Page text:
Teams Not Adding Value, Exhibiting Innovation With Ticket Offers

Darren Rovell wrote this week that only a handful of teams immediately offered partial season ticket plans following the release of the full NBA schedule, a somewhat surprising revelation given the expected difficult ticket market projected for the upcoming season. It begs the question if teams are doing enough, and how risky is lowering prices on the long-term stability of ticket sales.

First, I’m shocked that in this day of emerging social media and fan engagement that no team (from the information I gathered) ran any prediction contest to win tickets. Here’s 41 home dates, pick who we play on which dates, most right gets tickets to the game of their choice, second best gets the option to buy tickets to any game at any price point, or something along those lines – what day will the team first host Lebron, closest date wins tickets, etc. That would at least serve to stir up engagement, incentivize fans to start to following on its various platforms building the customer database, and serve as a platform to publicize ticket offers. The perfect engagement opportunity during what amounts to a dead period in the NBA, but little action.

Next, teams should be wary of aggressive price cuts this early in the sales cycle, yet need to flex innovation to move tickets. Creating multi-game plans that force fans to buy 6 games in order to see Lebron or Kobe is old hat. A still fledgling, unproven is bundling tickets from multiple sports – a Hawks-Braves partnership, or a Rangers-Mavs bundle. Another popular plan is the “Pick-A-Plan”, essentially an a la carte multi-game ticket package. Teams could put a different spin on this, allowing fans that purchase this a la cart plan before a specified date to create a theme around the games they pick, then the team can pick the best four and put them for sale for one month, the person whose plan sells the most gets a full refund on the tickets. You can try to unify the fans that buy each of these ticket packages into the same section, create some camaraderie, and make the experience meaningful.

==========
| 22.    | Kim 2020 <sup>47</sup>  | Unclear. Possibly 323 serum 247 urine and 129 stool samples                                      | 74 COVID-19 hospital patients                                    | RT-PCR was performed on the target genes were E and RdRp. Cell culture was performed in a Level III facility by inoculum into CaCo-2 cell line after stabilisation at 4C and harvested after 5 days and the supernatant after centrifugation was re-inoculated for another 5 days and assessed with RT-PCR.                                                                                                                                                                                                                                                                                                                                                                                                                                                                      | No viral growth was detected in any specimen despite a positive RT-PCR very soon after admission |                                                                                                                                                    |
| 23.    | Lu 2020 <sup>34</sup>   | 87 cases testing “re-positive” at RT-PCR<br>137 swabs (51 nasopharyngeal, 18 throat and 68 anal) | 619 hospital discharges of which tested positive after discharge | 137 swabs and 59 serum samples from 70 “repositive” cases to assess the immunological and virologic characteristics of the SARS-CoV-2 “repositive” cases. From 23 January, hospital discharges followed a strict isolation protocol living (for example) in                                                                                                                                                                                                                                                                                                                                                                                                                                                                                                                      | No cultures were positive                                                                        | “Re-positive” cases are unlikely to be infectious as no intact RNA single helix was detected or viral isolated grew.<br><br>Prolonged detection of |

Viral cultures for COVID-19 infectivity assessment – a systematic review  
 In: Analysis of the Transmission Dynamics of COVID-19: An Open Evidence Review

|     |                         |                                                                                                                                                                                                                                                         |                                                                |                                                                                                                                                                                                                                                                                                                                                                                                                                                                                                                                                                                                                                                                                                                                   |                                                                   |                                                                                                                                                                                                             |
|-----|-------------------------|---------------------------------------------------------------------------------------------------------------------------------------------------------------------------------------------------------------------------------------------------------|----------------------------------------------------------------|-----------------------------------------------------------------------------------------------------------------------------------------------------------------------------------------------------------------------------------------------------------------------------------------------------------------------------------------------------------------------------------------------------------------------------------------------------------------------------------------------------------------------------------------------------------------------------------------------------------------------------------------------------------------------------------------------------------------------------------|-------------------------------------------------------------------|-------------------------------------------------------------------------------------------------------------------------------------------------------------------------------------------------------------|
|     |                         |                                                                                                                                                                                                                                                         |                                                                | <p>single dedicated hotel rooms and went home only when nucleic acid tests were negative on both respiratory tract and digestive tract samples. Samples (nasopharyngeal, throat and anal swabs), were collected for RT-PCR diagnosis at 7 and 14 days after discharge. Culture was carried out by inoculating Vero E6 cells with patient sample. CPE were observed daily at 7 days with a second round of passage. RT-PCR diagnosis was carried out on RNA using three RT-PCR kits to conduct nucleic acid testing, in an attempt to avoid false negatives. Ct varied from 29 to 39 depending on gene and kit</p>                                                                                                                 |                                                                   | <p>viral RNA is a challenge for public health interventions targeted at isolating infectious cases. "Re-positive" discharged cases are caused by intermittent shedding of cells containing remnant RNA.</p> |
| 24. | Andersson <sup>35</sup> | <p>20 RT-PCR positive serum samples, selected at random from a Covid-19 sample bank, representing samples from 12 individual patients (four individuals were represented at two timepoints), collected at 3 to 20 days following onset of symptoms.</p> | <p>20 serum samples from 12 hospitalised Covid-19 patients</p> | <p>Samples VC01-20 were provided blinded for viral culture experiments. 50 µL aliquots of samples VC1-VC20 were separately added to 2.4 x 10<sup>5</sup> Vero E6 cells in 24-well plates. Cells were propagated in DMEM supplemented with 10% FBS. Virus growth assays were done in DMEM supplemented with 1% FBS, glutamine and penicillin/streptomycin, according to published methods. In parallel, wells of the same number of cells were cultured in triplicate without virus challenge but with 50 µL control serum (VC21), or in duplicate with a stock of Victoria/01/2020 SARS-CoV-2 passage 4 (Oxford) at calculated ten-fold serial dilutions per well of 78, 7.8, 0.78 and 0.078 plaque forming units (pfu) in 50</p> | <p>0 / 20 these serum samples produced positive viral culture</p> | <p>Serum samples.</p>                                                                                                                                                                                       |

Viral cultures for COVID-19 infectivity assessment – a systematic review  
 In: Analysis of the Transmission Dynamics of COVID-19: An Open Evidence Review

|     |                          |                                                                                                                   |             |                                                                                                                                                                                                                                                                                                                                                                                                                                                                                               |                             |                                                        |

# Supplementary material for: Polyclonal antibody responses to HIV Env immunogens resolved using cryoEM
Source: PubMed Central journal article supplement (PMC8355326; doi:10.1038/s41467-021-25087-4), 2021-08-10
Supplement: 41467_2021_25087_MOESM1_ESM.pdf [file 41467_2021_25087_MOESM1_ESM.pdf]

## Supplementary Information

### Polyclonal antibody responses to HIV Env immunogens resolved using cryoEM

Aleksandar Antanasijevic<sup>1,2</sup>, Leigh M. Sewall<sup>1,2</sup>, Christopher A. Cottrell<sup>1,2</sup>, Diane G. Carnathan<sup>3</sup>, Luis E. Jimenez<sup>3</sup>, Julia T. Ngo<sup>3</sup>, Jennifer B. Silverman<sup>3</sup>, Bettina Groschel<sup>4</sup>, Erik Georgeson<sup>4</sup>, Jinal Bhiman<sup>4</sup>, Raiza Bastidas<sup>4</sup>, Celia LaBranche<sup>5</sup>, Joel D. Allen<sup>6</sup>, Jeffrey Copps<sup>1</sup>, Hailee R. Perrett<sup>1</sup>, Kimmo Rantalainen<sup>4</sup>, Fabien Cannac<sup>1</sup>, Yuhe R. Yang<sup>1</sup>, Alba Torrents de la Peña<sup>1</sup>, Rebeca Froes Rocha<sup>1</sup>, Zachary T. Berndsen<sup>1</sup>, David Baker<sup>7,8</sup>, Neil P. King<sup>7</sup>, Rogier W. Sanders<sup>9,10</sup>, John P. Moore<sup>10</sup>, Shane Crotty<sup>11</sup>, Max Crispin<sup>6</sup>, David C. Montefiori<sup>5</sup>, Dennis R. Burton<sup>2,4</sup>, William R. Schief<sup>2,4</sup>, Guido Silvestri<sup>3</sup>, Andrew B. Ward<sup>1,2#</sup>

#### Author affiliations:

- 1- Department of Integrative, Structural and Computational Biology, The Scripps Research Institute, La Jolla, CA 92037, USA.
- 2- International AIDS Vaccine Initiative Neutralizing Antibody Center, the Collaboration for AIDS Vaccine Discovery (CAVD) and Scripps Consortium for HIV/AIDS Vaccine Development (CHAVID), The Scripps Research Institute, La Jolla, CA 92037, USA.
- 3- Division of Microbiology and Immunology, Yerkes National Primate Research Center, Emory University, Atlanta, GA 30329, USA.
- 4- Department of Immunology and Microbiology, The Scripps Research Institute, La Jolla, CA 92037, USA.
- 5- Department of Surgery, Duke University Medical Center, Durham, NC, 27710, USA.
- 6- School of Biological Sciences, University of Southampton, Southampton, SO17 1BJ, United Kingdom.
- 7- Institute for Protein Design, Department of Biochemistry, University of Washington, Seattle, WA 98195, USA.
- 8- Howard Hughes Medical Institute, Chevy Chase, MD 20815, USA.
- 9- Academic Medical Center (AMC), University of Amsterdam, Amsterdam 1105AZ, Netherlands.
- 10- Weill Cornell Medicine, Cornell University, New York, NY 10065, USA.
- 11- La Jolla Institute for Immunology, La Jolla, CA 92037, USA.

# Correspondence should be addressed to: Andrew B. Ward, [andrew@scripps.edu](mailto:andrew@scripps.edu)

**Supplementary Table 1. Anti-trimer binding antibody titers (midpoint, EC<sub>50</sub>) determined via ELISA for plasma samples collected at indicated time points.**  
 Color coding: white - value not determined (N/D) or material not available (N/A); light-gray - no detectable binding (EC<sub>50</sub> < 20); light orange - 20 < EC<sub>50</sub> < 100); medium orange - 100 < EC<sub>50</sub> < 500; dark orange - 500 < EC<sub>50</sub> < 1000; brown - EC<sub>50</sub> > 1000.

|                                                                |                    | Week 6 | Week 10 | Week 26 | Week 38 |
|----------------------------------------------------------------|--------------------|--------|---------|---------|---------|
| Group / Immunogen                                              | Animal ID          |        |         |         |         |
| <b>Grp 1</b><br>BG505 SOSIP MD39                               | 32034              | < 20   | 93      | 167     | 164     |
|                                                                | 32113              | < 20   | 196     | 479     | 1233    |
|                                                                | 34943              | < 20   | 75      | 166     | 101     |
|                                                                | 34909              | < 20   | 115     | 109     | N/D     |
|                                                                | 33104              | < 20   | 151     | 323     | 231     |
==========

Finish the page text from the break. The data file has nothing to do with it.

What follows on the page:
What teams should avoid is slashing prices too early or without recourse. This week, the Texas Rangers announced discounts up to 75% on some weekday games the rest of the season – mind you, this is a team in the playoff race with improved attendance over last season. But offering these cheap tickets without adding value to the early buyers sets bad precedent for future fan action. In conjunction with this offer, teams unloading last minute ticket inventory should offer current ticket holders seat upgrades at low prices, making upgrades available only to fans that purchased prior to a certain date, or to season ticket holders in less preferred ticket positions. Provide an incentive to hold a ticket, and give those that purchased an advantage. Then back fill available tickets that upgraded in the low price, last minute offering. It’s possible to double incremental revenue, while maintaining the incentive for early purchases.

Many teams are publicly stating financial losses. It will be interesting to see what, if anything, struggling baseball teams due to lure fans out down the stretch, and what the numerous NBA teams that did nothing to improve during the off-season


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